If you look at the leaguewide numbers, you'll see that, in comparison to the previous five seasons of the decade, scoring is up, field goal percentage is better and the games have a faster pace. A large amount of credit goes to the rule change that eliminated handchecking on the perimeter and went into effect in the 2004-05 season. Now that defenders didn't have the ability to slow and redirect quick guards with a well-placed hand, point guards practically had a runway into the lane.

The genius of what Nash did was in using this new twist to return to the basics of basketball. The object has always been to get the ball as close to the hoop as possible, which creates high-percentage shots either for the dribbler or for another shooter left open by a collapsing defense. Instead of doing so through the traditional low-post method, Nash did it by continuously probing the lane, circling back out like Wayne Gretzky coming from the backside of the net if he had to, always looking for a way to help his teammates.

He maintained the MVP as a reward for team success, which was in its history. Are you outraged that Nash won it over Kobe when the latter scored 35 per game in 2005-06? Save it for the time Wilt Chamberlain averaged 50 and the award went to Bill Russell (whose Celtics finished 11 games ahead of Wilt's Philadelphia Warriors in the same division).

This season, the Suns started winning again. They're modified; you don't see them scoring four seconds after an opponent's made shot too often anymore, and they took 230 fewer shots this season than they did in 2004-05. But Nash wound up with more assists this season than he did in either of the MVP years. And the Suns wound up with 54 wins and the No. 3 spot in a Western Conference race that was so close it almost needed a recount.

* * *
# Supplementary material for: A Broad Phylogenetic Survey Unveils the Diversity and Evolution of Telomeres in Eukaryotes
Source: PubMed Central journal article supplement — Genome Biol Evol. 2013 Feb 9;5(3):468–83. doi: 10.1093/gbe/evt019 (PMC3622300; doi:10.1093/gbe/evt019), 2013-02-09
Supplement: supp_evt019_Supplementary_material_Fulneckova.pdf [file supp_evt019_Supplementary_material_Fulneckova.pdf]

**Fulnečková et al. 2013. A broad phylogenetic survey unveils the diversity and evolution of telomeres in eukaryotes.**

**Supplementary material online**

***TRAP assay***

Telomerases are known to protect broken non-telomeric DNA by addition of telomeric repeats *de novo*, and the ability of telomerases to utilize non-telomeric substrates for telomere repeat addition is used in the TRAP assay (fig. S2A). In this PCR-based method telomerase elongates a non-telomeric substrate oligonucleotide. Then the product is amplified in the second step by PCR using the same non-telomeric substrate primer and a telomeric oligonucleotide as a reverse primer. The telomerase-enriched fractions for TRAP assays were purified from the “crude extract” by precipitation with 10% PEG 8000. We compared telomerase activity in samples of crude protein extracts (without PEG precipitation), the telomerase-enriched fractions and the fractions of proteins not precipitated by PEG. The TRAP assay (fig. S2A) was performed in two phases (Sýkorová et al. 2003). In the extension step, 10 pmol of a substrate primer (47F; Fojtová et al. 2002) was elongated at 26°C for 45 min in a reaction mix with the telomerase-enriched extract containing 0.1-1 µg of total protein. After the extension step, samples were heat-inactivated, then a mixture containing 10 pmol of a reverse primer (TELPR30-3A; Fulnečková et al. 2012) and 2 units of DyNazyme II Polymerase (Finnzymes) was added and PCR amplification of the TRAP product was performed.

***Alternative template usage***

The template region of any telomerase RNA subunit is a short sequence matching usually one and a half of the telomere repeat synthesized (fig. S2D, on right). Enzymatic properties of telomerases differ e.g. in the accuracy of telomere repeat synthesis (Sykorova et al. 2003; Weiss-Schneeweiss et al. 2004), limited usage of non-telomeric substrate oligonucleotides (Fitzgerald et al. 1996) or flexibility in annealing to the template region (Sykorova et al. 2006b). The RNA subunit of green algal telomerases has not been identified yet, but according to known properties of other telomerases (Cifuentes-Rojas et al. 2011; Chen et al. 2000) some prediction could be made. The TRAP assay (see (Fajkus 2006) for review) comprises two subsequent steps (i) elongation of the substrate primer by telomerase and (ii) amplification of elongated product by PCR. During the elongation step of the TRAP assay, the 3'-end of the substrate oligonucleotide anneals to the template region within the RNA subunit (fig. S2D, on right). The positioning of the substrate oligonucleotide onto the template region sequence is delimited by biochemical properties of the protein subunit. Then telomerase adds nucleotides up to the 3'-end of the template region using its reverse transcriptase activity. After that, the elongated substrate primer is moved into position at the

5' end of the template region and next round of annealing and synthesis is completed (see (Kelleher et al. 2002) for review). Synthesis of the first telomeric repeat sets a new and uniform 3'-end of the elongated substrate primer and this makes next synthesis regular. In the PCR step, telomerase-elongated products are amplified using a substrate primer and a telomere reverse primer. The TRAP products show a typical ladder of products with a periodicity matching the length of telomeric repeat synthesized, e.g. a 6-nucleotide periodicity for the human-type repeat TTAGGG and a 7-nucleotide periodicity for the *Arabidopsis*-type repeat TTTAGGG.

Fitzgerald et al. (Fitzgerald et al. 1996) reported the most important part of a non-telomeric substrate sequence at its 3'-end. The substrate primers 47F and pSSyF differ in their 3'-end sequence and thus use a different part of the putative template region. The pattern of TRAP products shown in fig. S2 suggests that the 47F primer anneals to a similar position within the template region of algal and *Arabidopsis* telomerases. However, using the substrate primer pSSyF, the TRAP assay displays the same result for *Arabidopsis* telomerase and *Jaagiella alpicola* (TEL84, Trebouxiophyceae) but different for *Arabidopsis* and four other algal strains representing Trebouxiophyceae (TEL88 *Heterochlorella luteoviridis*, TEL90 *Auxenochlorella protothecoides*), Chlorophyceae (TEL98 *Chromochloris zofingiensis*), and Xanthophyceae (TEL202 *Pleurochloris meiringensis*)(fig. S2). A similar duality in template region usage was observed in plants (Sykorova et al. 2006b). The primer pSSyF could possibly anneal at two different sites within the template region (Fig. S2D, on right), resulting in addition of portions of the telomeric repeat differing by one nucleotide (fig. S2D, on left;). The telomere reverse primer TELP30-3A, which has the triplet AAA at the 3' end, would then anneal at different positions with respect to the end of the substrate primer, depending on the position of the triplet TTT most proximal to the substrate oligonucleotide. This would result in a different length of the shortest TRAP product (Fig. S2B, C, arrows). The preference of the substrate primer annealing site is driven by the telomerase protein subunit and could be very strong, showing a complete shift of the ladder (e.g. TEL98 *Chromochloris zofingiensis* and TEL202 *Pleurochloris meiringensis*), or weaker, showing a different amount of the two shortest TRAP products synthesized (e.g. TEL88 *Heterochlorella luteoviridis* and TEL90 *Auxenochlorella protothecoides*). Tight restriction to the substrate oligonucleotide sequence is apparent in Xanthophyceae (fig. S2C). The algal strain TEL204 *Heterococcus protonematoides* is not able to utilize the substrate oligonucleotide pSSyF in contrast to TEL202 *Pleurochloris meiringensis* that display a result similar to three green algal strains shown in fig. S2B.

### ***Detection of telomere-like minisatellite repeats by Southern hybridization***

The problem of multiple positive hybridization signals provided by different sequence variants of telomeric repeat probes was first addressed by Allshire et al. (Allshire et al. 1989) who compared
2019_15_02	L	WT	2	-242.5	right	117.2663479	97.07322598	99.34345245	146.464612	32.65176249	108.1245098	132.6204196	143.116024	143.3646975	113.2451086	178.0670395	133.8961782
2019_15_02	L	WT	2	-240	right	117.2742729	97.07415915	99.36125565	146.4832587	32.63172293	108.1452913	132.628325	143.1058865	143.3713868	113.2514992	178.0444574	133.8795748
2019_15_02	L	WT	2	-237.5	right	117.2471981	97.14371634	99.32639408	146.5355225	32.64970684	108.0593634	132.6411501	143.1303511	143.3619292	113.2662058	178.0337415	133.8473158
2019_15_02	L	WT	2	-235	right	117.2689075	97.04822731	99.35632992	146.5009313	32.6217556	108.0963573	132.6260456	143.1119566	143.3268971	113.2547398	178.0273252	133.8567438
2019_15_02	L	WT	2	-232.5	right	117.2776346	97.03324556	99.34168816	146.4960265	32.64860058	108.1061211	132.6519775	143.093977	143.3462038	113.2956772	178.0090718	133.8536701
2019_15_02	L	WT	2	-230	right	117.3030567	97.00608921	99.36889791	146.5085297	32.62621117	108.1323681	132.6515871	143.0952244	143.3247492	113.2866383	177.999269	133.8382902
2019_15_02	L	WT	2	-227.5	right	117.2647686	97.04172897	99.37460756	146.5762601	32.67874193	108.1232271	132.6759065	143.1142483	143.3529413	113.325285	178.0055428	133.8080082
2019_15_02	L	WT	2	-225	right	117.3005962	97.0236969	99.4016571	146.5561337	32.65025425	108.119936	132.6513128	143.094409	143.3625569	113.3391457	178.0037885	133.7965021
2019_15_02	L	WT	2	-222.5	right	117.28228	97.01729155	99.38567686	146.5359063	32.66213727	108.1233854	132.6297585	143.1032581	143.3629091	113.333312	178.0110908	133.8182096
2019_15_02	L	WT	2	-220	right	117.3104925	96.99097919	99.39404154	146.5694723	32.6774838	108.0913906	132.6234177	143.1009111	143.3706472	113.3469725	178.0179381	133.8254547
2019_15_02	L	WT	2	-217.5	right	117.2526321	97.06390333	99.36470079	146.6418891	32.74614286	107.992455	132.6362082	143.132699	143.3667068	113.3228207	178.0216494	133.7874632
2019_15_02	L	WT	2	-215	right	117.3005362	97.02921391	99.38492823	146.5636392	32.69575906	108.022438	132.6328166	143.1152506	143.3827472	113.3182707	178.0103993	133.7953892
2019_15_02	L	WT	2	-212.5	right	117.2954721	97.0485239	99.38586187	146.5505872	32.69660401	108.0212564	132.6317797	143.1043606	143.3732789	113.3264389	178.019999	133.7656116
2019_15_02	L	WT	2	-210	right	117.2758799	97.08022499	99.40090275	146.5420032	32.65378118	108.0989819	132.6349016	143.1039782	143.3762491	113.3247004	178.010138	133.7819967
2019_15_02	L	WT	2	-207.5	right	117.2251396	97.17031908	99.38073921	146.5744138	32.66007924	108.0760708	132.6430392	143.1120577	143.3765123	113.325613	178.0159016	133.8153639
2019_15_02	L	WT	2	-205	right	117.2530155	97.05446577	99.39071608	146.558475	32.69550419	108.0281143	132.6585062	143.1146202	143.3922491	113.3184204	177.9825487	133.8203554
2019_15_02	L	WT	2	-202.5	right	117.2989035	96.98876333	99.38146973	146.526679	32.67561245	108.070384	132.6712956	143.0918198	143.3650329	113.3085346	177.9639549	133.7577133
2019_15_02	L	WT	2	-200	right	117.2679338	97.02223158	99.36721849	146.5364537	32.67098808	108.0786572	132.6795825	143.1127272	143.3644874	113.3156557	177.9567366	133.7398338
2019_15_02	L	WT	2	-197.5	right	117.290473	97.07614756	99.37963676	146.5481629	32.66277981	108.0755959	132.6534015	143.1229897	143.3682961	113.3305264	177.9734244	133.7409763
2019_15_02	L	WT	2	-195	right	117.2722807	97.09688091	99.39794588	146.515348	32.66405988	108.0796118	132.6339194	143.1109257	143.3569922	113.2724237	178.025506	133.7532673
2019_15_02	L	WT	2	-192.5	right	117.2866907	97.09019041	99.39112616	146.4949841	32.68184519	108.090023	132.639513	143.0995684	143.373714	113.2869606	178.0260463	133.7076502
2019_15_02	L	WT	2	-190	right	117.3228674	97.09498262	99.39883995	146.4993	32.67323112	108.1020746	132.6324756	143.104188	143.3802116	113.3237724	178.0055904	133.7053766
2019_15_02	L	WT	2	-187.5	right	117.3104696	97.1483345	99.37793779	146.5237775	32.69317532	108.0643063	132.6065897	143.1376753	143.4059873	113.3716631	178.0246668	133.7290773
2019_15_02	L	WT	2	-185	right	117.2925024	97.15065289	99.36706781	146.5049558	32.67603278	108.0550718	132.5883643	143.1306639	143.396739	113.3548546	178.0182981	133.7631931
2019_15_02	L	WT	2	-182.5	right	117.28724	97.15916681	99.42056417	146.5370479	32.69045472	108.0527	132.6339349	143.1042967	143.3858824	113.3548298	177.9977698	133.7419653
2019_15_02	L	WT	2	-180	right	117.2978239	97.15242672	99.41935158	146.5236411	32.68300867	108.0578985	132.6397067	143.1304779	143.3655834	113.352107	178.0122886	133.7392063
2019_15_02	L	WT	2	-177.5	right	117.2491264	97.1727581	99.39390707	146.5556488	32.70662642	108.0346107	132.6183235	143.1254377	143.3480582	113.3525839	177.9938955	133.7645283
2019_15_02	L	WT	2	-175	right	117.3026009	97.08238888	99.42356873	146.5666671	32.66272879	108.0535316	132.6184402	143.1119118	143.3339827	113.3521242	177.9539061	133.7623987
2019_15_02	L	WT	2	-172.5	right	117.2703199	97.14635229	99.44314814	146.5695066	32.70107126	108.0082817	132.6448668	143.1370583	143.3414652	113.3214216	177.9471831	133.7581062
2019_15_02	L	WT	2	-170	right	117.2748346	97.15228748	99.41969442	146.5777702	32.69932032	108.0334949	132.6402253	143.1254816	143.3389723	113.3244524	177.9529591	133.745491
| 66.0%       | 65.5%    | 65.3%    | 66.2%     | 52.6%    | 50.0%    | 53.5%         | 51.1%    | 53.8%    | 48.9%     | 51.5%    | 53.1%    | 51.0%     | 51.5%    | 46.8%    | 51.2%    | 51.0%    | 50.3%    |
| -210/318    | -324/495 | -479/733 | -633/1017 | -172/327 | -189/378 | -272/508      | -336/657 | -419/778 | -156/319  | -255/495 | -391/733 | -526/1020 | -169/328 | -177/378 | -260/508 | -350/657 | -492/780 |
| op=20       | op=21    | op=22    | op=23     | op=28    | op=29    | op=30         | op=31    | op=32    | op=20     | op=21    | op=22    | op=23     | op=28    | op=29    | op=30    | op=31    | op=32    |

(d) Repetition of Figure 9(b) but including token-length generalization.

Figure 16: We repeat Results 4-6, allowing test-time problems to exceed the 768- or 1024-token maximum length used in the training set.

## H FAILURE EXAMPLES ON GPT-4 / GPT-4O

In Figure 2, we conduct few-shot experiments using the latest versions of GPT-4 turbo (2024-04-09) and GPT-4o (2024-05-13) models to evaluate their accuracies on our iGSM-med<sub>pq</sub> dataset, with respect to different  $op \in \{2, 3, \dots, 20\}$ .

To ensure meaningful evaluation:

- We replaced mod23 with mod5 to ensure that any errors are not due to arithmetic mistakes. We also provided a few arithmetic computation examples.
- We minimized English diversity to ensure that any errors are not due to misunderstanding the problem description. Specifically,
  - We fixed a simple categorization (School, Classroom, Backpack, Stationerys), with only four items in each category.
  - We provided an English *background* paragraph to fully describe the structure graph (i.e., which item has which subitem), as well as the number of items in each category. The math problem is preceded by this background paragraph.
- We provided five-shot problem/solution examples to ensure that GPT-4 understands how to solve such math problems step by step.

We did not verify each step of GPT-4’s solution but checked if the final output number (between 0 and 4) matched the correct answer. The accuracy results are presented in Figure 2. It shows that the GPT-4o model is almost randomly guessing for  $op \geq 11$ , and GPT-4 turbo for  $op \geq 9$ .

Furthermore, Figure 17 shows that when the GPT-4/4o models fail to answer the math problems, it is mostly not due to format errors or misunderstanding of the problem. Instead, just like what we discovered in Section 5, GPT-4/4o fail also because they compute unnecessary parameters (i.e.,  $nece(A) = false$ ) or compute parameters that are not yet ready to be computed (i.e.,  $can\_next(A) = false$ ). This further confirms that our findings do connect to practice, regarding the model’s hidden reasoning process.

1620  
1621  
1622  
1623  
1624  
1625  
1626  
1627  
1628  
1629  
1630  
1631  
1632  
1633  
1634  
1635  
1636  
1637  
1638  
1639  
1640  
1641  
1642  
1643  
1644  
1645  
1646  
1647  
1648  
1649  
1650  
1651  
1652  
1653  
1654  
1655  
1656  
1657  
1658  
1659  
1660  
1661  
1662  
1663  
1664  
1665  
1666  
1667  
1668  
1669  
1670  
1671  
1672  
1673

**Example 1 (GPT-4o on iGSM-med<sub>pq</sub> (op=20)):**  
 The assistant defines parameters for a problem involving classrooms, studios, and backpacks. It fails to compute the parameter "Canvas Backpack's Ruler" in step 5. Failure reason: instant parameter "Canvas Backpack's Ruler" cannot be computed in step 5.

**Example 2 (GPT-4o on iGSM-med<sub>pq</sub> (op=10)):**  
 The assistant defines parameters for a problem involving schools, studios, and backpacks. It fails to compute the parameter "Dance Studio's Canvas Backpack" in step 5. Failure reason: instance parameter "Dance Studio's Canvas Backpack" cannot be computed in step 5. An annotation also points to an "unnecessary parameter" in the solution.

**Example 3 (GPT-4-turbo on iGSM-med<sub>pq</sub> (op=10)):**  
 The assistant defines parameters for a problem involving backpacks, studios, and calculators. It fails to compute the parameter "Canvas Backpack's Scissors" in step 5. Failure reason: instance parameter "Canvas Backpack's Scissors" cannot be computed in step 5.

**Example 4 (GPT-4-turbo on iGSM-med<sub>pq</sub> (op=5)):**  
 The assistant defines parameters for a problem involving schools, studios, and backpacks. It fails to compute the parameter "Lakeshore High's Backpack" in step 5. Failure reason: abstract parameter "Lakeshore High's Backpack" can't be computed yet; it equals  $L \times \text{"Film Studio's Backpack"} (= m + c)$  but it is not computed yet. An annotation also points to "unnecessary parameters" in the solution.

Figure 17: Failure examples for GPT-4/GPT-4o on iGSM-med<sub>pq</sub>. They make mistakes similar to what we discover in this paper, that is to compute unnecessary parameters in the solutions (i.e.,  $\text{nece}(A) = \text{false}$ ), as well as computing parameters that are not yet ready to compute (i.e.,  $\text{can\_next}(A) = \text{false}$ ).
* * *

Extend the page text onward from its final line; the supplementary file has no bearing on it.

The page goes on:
Validation? Nash doesn't think that way.

"It doesn't really cross my mind, to be honest," he said. "I just play because it's fun to be a part of a team and to play this great game. If we could win a championship, that would be the ultimate [reward]. I get plenty of reward and enjoyment out of just being a part of a team and playing the game. Obviously we're all trying to win a championship right now, but you're a part of the team and a part of the journey, getting up every day and trying to get better. It's a pretty fun career opportunity."

He also had the fortune of peaking at the right time: Shaq and Tim Duncan were sliding downward; LeBron James wasn't ready to ascend; and Kobe was more fixated on scoring than on winning. So Nash stumbled into the elite circle of multiple MVP winners -- a 12-man list that includes such single names as Kareem, Michael, Bird, Russell, Wilt and Magic -- precisely because he didn't try to get there. He never made it about him or his numbers.